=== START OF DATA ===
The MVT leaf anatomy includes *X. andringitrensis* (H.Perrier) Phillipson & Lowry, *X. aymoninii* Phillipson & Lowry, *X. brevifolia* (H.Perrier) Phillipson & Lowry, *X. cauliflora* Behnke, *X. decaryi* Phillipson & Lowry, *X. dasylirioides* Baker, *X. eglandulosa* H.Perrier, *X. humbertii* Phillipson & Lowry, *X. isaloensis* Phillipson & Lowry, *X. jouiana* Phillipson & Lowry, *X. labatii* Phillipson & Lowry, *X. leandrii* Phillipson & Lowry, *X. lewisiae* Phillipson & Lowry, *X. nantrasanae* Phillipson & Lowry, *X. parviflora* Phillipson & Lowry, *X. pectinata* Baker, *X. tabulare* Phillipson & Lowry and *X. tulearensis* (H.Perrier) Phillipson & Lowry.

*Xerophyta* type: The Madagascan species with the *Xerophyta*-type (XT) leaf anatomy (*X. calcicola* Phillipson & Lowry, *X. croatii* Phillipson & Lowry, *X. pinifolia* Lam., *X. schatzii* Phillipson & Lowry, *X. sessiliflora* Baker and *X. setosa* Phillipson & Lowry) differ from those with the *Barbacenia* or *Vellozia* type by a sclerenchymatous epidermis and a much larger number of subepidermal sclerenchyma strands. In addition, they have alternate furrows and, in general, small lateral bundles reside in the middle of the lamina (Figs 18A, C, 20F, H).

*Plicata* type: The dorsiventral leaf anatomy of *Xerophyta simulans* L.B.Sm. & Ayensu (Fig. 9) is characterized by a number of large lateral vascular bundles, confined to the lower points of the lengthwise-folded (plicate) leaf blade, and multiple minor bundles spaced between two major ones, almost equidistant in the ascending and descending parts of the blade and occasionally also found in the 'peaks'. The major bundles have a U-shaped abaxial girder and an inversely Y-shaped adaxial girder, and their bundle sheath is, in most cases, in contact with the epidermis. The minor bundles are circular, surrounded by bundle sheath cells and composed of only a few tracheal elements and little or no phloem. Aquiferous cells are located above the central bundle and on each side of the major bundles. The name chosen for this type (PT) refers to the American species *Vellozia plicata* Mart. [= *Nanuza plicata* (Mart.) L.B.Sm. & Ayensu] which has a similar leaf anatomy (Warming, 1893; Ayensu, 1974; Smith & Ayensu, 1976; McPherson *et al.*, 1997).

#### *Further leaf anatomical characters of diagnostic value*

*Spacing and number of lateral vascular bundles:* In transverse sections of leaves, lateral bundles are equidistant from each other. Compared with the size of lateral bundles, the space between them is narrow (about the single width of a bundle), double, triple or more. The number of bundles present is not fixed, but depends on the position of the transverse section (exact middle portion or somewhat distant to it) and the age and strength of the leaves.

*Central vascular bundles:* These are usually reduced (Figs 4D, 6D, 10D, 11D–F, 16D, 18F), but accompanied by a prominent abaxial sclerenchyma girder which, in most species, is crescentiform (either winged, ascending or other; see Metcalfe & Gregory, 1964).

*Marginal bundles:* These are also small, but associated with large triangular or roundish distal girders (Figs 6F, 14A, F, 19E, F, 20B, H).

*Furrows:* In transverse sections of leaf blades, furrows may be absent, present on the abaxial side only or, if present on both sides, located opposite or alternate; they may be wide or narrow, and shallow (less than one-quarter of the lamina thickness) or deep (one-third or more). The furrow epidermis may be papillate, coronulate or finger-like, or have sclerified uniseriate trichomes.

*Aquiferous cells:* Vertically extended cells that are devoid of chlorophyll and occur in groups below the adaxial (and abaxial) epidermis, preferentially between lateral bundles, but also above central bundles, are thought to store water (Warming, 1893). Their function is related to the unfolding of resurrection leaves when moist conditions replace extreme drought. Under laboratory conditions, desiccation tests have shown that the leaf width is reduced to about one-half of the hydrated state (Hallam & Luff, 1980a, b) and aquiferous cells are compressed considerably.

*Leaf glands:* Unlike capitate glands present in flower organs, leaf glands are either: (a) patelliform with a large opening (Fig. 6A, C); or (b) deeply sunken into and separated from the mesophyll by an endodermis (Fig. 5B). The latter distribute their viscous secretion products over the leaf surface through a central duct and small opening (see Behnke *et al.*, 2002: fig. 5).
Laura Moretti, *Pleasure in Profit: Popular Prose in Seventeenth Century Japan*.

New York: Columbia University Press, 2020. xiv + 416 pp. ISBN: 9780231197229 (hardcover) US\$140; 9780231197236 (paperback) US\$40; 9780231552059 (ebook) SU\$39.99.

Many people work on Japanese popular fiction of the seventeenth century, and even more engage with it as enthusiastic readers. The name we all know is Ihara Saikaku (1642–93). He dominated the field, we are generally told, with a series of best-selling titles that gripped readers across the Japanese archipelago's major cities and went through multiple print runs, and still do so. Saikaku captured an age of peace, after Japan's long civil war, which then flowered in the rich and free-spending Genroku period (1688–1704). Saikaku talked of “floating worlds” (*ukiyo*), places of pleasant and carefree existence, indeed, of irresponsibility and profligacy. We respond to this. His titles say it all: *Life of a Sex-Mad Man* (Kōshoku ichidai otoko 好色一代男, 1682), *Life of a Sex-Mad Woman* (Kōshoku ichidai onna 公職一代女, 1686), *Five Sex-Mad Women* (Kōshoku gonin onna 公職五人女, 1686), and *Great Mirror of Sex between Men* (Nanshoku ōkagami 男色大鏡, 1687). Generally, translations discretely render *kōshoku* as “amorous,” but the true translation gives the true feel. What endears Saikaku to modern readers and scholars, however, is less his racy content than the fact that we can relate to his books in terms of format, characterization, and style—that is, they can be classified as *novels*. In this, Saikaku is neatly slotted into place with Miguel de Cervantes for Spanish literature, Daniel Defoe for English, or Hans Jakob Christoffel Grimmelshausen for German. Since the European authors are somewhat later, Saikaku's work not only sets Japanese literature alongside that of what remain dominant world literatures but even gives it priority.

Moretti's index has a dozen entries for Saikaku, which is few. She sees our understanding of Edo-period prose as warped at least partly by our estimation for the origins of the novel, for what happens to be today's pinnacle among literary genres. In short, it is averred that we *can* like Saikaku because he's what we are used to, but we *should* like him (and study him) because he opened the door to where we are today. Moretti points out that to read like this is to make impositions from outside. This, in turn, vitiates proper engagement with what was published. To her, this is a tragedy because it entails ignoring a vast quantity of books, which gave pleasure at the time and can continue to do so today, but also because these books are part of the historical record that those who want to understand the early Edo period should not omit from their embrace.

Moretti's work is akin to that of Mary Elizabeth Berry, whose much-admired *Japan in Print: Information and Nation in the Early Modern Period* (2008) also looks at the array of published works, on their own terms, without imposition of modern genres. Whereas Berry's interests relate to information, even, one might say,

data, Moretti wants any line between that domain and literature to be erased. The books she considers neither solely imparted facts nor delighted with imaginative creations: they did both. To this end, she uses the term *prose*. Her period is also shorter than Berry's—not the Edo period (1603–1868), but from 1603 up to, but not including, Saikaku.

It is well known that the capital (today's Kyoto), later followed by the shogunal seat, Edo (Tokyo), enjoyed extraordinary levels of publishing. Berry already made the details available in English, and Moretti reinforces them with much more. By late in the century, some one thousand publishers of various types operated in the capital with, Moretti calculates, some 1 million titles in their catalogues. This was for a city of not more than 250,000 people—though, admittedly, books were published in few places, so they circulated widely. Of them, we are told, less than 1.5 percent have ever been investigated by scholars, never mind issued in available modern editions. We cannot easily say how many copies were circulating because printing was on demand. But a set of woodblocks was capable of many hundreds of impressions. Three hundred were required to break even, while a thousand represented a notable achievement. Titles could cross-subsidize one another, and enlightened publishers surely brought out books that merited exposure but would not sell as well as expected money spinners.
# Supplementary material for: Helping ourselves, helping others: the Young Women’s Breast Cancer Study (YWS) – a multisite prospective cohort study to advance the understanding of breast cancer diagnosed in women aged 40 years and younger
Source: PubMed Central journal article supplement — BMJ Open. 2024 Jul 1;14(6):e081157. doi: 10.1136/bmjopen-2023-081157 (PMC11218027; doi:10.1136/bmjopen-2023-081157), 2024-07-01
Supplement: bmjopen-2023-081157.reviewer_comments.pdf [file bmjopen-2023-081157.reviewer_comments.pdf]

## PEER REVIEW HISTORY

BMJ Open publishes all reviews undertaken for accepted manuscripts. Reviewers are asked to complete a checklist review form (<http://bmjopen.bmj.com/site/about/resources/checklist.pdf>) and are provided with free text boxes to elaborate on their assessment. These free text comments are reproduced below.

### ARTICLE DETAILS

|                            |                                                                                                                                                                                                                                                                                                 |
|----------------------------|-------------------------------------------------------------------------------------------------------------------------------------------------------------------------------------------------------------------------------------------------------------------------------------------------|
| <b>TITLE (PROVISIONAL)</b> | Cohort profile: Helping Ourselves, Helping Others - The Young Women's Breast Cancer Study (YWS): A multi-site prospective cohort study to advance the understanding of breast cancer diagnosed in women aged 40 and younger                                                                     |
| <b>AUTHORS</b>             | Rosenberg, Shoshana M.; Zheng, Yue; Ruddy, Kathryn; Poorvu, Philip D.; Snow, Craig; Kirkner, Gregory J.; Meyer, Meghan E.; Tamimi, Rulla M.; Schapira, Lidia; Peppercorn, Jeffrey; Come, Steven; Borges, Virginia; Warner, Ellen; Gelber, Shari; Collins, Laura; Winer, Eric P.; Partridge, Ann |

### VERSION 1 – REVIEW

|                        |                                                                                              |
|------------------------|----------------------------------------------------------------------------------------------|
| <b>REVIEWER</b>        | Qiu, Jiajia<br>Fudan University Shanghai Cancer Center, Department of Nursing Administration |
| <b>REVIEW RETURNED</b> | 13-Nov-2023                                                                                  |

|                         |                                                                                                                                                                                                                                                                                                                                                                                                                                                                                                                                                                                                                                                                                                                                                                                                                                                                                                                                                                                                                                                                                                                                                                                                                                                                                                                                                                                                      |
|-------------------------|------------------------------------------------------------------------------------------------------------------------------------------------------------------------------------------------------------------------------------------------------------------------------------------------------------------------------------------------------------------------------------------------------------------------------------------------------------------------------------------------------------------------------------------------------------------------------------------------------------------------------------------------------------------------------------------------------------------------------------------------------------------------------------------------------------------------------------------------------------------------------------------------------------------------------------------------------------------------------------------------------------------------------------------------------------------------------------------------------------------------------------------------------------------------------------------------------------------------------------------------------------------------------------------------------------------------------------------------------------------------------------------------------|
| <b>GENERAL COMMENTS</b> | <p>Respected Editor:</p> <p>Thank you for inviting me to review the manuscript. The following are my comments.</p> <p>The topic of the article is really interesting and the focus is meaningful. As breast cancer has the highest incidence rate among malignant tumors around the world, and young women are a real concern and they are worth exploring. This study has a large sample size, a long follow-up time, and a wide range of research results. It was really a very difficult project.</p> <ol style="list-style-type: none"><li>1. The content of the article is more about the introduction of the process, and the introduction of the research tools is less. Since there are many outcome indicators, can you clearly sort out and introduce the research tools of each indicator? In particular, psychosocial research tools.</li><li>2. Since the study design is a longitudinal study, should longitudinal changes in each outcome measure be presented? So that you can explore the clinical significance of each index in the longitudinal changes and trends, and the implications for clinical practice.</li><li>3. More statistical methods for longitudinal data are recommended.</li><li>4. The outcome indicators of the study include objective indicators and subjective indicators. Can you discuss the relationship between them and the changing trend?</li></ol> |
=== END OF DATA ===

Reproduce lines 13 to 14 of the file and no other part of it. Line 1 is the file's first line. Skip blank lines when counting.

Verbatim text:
Many people work on Japanese popular fiction of the seventeenth century, and even more engage with it as enthusiastic readers. The name we all know is Ihara Saikaku (1642–93). He dominated the field, we are generally told, with a series of best-selling titles that gripped readers across the Japanese archipelago's major cities and went through multiple print runs, and still do so. Saikaku captured an age of peace, after Japan's long civil war, which then flowered in the rich and free-spending Genroku period (1688–1704). Saikaku talked of “floating worlds” (*ukiyo*), places of pleasant and carefree existence, indeed, of irresponsibility and profligacy. We respond to this. His titles say it all: *Life of a Sex-Mad Man* (Kōshoku ichidai otoko 好色一代男, 1682), *Life of a Sex-Mad Woman* (Kōshoku ichidai onna 公職一代女, 1686), *Five Sex-Mad Women* (Kōshoku gonin onna 公職五人女, 1686), and *Great Mirror of Sex between Men* (Nanshoku ōkagami 男色大鏡, 1687). Generally, translations discretely render *kōshoku* as “amorous,” but the true translation gives the true feel. What endears Saikaku to modern readers and scholars, however, is less his racy content than the fact that we can relate to his books in terms of format, characterization, and style—that is, they can be classified as *novels*. In this, Saikaku is neatly slotted into place with Miguel de Cervantes for Spanish literature, Daniel Defoe for English, or Hans Jakob Christoffel Grimmelshausen for German. Since the European authors are somewhat later, Saikaku's work not only sets Japanese literature alongside that of what remain dominant world literatures but even gives it priority.

Moretti's index has a dozen entries for Saikaku, which is few. She sees our understanding of Edo-period prose as warped at least partly by our estimation for the origins of the novel, for what happens to be today's pinnacle among literary genres. In short, it is averred that we *can* like Saikaku because he's what we are used to, but we *should* like him (and study him) because he opened the door to where we are today. Moretti points out that to read like this is to make impositions from outside. This, in turn, vitiates proper engagement with what was published. To her, this is a tragedy because it entails ignoring a vast quantity of books, which gave pleasure at the time and can continue to do so today, but also because these books are part of the historical record that those who want to understand the early Edo period should not omit from their embrace.